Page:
This year EcoFarm is hosting several field days during the Spring and Summer months. Field days give attendees a chance to get out on the land and learn directly from leading farmers and ranchers
EcoFarm 2022: Two Field Days Focusing on Regenerative Ranching and Indigenous Foodways!
By: Kathy Webster
Each year since 1980, EcoFarm has hosted an annual conference—usually at the beautiful Asilomar Conference Grounds. It is a great place to attend workshops, network, hear from successful farmers, and find inspiration for those passionate about food and farming.
Due to the COVID-19 pandemic, the 2022 conference is going virtual. Field days in the Spring and Summer will get participants out on the land learning directly from leading farmers and ranchers making an impact in their communities and for the environment. We are particularly excited about two field days this year that are focused on regenerative agriculture and food systems.
Regenerative Grazing and Direct Marketing at Stemple Creek Ranch in Marin County was a sold out event held Sunday, May 1st. Stemple Creek Ranch was also one of the keynote presenters for this year’s EcoFarm Successful Farmers.
Loren Poncia, owner of Stemple Creek Ranch, is a fourth-generation regenerative rancher. Loren with his wife, Lisa, raise grass-finished beef and lamb as well as pastured pork. They are dedicated practitioners of regenerative principles focused on supporting soil health, increasing diversity above and below ground, and increasing the water infiltration and holding capacity of their land by using holistic livestock grazing management.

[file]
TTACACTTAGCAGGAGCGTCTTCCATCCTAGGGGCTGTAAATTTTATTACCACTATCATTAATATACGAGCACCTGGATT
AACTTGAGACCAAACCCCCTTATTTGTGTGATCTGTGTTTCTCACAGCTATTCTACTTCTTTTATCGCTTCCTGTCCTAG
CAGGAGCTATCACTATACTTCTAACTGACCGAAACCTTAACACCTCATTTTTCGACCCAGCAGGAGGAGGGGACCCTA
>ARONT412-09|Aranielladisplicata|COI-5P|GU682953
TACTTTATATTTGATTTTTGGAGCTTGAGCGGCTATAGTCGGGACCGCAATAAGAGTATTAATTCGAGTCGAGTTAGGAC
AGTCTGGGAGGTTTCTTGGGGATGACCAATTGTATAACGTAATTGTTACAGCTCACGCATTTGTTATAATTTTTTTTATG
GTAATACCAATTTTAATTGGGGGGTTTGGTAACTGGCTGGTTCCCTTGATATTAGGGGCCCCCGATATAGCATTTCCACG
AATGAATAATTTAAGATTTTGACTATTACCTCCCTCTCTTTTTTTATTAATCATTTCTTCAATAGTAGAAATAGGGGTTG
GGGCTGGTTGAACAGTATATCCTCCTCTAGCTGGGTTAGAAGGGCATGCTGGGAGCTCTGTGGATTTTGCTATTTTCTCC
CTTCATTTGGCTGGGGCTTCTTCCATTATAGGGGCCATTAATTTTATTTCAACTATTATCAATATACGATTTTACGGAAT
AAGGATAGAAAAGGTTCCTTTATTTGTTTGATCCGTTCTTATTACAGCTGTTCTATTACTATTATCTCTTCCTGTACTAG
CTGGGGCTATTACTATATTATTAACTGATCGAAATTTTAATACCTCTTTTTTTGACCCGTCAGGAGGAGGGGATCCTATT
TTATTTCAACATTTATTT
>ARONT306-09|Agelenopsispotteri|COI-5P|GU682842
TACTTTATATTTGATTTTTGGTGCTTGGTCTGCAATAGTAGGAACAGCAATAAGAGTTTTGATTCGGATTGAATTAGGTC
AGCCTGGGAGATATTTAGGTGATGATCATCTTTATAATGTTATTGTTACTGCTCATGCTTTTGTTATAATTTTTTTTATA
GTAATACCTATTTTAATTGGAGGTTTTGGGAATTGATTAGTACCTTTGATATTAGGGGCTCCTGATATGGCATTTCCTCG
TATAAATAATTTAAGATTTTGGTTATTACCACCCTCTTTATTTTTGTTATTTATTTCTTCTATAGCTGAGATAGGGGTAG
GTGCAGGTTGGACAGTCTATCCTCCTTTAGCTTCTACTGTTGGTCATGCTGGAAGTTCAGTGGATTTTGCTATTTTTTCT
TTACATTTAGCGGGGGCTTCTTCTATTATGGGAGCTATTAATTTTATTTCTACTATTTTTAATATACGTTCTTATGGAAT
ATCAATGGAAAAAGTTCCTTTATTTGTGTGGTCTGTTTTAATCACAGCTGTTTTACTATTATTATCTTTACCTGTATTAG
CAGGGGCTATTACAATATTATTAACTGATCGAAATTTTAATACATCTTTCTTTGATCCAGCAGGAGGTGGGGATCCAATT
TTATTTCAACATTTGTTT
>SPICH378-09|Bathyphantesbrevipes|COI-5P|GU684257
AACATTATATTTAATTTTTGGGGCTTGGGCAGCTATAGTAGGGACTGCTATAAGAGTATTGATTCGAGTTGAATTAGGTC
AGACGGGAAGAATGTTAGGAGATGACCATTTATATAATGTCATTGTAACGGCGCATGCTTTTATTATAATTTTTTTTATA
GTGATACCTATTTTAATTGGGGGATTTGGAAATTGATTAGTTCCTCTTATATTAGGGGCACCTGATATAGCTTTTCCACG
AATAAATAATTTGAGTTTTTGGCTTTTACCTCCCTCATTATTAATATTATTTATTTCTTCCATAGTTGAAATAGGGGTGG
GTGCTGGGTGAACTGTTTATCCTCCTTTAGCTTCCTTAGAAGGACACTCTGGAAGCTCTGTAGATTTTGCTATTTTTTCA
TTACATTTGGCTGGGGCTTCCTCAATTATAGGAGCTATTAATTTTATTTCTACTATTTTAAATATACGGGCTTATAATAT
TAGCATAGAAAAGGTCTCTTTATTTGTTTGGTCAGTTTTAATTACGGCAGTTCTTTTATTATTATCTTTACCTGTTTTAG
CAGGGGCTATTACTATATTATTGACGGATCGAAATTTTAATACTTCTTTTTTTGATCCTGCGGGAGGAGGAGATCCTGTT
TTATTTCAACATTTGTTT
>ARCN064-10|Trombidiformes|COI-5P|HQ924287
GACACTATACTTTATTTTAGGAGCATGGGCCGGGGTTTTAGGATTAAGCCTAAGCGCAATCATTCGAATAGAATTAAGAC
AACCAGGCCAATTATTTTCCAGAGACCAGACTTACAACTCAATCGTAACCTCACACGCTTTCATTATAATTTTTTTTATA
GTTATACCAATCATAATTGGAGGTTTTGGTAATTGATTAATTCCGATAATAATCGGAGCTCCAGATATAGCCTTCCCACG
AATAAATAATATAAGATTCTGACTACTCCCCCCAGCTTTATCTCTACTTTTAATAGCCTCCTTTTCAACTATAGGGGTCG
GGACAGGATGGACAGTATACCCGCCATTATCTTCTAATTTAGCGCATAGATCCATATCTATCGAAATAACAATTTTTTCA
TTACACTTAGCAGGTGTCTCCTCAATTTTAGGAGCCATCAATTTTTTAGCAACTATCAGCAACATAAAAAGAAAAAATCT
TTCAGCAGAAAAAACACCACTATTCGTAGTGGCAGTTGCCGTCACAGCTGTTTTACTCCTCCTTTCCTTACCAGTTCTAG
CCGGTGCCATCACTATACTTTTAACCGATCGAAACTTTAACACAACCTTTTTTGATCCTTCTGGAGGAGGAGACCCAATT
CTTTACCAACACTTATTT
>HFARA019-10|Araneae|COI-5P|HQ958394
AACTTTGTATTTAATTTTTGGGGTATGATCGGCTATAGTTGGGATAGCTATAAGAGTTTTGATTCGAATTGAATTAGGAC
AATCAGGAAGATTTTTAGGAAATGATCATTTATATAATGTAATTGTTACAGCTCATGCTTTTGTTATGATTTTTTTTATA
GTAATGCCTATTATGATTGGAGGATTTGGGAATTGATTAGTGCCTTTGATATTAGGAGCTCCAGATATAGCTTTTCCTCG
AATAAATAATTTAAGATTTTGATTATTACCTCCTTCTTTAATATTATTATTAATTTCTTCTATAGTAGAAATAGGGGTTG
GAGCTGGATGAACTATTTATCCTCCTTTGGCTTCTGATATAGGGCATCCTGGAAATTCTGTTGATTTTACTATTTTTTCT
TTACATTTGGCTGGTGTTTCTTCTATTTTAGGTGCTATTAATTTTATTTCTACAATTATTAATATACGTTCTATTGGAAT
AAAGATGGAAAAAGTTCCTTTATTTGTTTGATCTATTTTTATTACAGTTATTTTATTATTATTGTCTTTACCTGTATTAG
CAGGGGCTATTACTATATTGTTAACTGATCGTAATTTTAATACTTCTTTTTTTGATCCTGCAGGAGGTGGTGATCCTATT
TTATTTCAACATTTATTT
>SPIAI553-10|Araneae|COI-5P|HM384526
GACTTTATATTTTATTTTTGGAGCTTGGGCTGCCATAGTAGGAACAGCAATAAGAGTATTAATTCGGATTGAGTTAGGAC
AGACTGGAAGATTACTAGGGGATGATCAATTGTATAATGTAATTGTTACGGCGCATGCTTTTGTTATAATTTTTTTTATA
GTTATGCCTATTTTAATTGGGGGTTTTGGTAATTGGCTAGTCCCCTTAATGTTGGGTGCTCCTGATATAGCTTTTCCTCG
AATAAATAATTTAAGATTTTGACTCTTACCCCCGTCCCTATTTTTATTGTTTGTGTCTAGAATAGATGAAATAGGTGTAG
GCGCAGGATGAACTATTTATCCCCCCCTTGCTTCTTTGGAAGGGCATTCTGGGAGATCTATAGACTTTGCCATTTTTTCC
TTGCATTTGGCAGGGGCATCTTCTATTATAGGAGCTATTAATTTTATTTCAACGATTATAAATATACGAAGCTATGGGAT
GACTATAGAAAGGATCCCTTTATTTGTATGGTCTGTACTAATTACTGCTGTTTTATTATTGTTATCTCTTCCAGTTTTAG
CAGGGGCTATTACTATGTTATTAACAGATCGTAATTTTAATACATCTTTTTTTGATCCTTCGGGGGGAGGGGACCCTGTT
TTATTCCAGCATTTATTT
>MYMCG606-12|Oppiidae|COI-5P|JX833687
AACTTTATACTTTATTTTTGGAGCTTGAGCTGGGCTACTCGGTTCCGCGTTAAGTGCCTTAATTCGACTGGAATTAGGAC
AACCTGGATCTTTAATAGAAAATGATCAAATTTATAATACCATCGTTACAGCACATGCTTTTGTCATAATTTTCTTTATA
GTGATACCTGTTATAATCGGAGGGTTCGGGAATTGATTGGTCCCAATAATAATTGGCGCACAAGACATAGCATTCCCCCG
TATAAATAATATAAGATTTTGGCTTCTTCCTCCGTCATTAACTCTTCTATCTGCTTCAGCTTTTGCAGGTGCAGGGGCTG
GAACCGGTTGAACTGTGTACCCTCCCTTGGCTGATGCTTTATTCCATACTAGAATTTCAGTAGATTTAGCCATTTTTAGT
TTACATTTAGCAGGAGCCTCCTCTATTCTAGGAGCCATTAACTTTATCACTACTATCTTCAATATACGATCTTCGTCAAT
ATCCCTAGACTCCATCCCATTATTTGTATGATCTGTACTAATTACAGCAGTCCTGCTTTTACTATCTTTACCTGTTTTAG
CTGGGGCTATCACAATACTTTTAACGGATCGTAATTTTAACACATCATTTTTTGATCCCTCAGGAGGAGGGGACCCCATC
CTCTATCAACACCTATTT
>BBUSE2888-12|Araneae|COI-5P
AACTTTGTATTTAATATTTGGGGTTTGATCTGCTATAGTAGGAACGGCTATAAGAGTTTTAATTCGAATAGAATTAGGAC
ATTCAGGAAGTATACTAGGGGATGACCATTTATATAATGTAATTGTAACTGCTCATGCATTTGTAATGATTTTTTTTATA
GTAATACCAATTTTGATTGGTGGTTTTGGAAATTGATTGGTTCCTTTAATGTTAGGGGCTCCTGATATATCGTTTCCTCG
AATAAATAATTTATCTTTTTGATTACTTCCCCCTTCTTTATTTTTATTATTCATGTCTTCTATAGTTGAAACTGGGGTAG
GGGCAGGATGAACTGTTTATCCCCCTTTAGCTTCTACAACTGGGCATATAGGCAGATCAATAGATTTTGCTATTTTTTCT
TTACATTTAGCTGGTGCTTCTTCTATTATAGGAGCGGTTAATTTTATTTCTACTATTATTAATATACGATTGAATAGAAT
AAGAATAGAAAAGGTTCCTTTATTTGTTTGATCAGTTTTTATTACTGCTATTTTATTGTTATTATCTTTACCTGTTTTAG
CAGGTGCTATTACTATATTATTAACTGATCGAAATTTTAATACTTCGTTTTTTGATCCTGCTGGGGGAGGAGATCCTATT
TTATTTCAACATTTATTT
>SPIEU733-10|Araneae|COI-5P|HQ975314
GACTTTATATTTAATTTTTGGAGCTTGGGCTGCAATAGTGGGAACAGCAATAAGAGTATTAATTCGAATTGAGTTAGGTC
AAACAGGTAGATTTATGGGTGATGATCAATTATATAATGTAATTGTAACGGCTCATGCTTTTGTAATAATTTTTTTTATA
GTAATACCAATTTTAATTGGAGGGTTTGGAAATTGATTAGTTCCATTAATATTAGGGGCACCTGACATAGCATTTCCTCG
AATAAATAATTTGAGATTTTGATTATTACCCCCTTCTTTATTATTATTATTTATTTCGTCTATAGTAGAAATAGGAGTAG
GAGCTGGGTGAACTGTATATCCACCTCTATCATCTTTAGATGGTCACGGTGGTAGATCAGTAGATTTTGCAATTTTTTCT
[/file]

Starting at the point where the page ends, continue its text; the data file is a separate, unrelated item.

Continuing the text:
During the field day, attendees were able to hear stories from Loren and Lisa about their trials, tribulations, and successes as well as their innovations in pre-seeded compost applications as part of a Healthy Soils grant—and see a demonstration of their ingenious electric fence pivot system!
Click on the image below to start the slideshow!
Stemple Creek has been able to maintain quality and transparency while scaling their business via direct marketing and value added meat products. They were also the first ranch in the U.S. to implement a carbon farm plan.
Footnote: Stemple Creek is also working with the Beef to Institute pilot project (a joint project started with Healthcare Without Harm, Community Alliance with Family Farmers, and TomKat Ranch) to get more grass-fed beef into California schools and hospitals.
The other field day coming up on May 10th is, Honoring Ancestral Foodways, Indigenous Land Rematriation, and Regenerative Food Production at Pie Ranch, a neighbor of ours in Pescadero. This field day will focus on Pie Ranch’s collaborative programs with the Amah Mutsun Tribal Band and Land Trust and other local land stakeholders, as well as the broader Indigenous food sovereignty movement.
“This field day will highlight the ongoing Amah Mutsun Tribal Band and Land Trust’s natural and cultural resource management programs in collaboration with Pie Ranch and others along the central California coast. We will provide an overview of the broader Indigenous food sovereignty movement and discuss a vision of food production that centers on Indigenous partnerships. The Amah Mutsun Land Trust is working to return traditional indigenous land stewardship to Awaswas territory to ensure the Awaswas people are never forgotten. Join the team at Pie Ranch and the Amah Mutsun Land Trust for a day discussing and experiencing effective pathways toward healing our relationships with each other and Mother Earth.”
The Pie Ranch/EcoFarm field day will be Tuesday, May 10th, 8:30 – 5 p.m., cost is $105.
Register for any and all field days here.